PITTSBURGH (KDKA) — Fourth and fifth grade students at Urban Pathways K-5 College Charter School are learning healthy eating habits by using Nutribullets.

The school won a grant from NutriBullet University, a Los Angeles based organization that educates students on healthy eating.

“We’re hoping that we would see in 12 weeks some improvement in weight, exercise, in health, maybe fewer sickness issues,” Linda Williams, the school’s yoga and physical education teacher, said.

Students rate the smoothies by raising two hands to show they love it, one hand to show they like it, and a thumbs up, meaning they have to get use to the taste.

According to Williams, this rating method takes away words like ‘yuck,’ ‘nasty,’ and ‘ick,’ and allows the students to have a more open mind about trying new things.

Fifth grader Aaliyah Morris, who says she’s sometimes grumpy in the mornings, is noticing a difference with the smoothies.

“I learned that it makes you super energized in the morning so you wouldn’t be super tired, that you wouldn’t fall asleep during class,” she said.

Having that energy is exactly what principal Kimberly Fitzgerald says will be one of the things they’re keeping track of during the eating program, along with, “are they more focus, are they more engaged?”

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Steelers Kelvin Beachum, who’s usually busy reading to the students, took time out to help pour the milk for the students smoothies.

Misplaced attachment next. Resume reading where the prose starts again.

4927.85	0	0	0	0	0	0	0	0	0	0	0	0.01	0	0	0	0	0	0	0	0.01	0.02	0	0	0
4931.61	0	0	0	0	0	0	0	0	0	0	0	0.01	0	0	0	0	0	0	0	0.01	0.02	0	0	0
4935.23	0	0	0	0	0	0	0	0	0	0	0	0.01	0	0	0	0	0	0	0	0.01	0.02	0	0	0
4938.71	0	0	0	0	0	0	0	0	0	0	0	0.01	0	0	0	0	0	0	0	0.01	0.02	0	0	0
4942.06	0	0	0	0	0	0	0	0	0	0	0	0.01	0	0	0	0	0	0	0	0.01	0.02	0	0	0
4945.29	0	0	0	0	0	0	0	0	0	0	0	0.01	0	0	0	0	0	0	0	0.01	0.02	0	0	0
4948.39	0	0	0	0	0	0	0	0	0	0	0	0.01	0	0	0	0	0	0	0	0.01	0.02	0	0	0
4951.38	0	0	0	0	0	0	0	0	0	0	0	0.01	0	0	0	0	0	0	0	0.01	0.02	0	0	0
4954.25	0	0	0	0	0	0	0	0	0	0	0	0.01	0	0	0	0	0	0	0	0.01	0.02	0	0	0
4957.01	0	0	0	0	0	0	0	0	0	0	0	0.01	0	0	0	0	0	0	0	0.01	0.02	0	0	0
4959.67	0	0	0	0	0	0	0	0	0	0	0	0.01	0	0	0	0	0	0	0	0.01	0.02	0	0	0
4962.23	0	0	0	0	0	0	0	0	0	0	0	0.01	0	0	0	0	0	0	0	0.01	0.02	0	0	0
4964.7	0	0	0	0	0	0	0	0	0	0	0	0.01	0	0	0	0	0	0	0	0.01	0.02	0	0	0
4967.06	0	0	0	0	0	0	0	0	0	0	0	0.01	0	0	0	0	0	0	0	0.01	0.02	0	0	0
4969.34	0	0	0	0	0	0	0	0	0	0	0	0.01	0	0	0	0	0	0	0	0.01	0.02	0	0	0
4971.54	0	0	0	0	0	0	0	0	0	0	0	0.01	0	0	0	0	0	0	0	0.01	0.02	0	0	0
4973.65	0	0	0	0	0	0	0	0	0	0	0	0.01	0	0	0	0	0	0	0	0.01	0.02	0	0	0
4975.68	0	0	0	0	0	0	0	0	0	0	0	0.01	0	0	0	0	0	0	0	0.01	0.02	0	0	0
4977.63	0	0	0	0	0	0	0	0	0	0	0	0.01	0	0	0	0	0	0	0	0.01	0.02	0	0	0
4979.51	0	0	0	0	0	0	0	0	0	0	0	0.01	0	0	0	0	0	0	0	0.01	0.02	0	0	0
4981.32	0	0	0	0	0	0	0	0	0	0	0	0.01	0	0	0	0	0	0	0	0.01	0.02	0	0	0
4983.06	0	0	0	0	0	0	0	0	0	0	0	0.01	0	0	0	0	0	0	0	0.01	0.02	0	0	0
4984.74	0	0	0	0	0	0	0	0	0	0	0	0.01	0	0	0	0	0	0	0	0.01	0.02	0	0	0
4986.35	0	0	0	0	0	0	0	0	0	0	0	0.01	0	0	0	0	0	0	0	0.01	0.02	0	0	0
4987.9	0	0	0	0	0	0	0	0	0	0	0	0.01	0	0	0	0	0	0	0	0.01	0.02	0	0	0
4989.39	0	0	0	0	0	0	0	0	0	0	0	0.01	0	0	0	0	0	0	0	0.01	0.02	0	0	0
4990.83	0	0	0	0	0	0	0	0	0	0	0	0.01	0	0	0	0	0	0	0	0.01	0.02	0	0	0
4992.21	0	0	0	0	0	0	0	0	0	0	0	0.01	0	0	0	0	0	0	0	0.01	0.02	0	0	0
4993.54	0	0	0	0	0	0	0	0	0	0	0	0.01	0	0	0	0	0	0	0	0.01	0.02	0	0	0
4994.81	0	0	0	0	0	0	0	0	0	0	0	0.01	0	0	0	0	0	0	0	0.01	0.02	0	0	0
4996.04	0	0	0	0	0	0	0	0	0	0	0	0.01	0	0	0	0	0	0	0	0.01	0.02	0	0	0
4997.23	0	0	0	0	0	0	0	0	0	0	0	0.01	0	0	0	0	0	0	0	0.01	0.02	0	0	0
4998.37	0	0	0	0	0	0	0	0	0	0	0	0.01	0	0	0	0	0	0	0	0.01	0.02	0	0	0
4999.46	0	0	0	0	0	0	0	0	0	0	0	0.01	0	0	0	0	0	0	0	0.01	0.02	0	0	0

“I want to stress the importance of healthy eating with Nutribullet University and make sure that you all are eating right,” Beachum said to the students.

And in eating right, Williams hopes the students will use the Nutribullets they receive at home to continue eating right.

“We want it to be natural for them, just like making peanut butter and jelly,” she said. “Instead of that though, they would come in, and put two apples, celery, pineapples and little bit of rice milk, and they don’t need any help from their parents. They know how to clean it; they know to take care of it.”

Principal Fitzgerald says they’re honored to be the only school in Pennsylvania to receive this challenge, but it’s more than that.

“Our end goal is that this is something that Urban Pathways continues through the school year and next,” she said.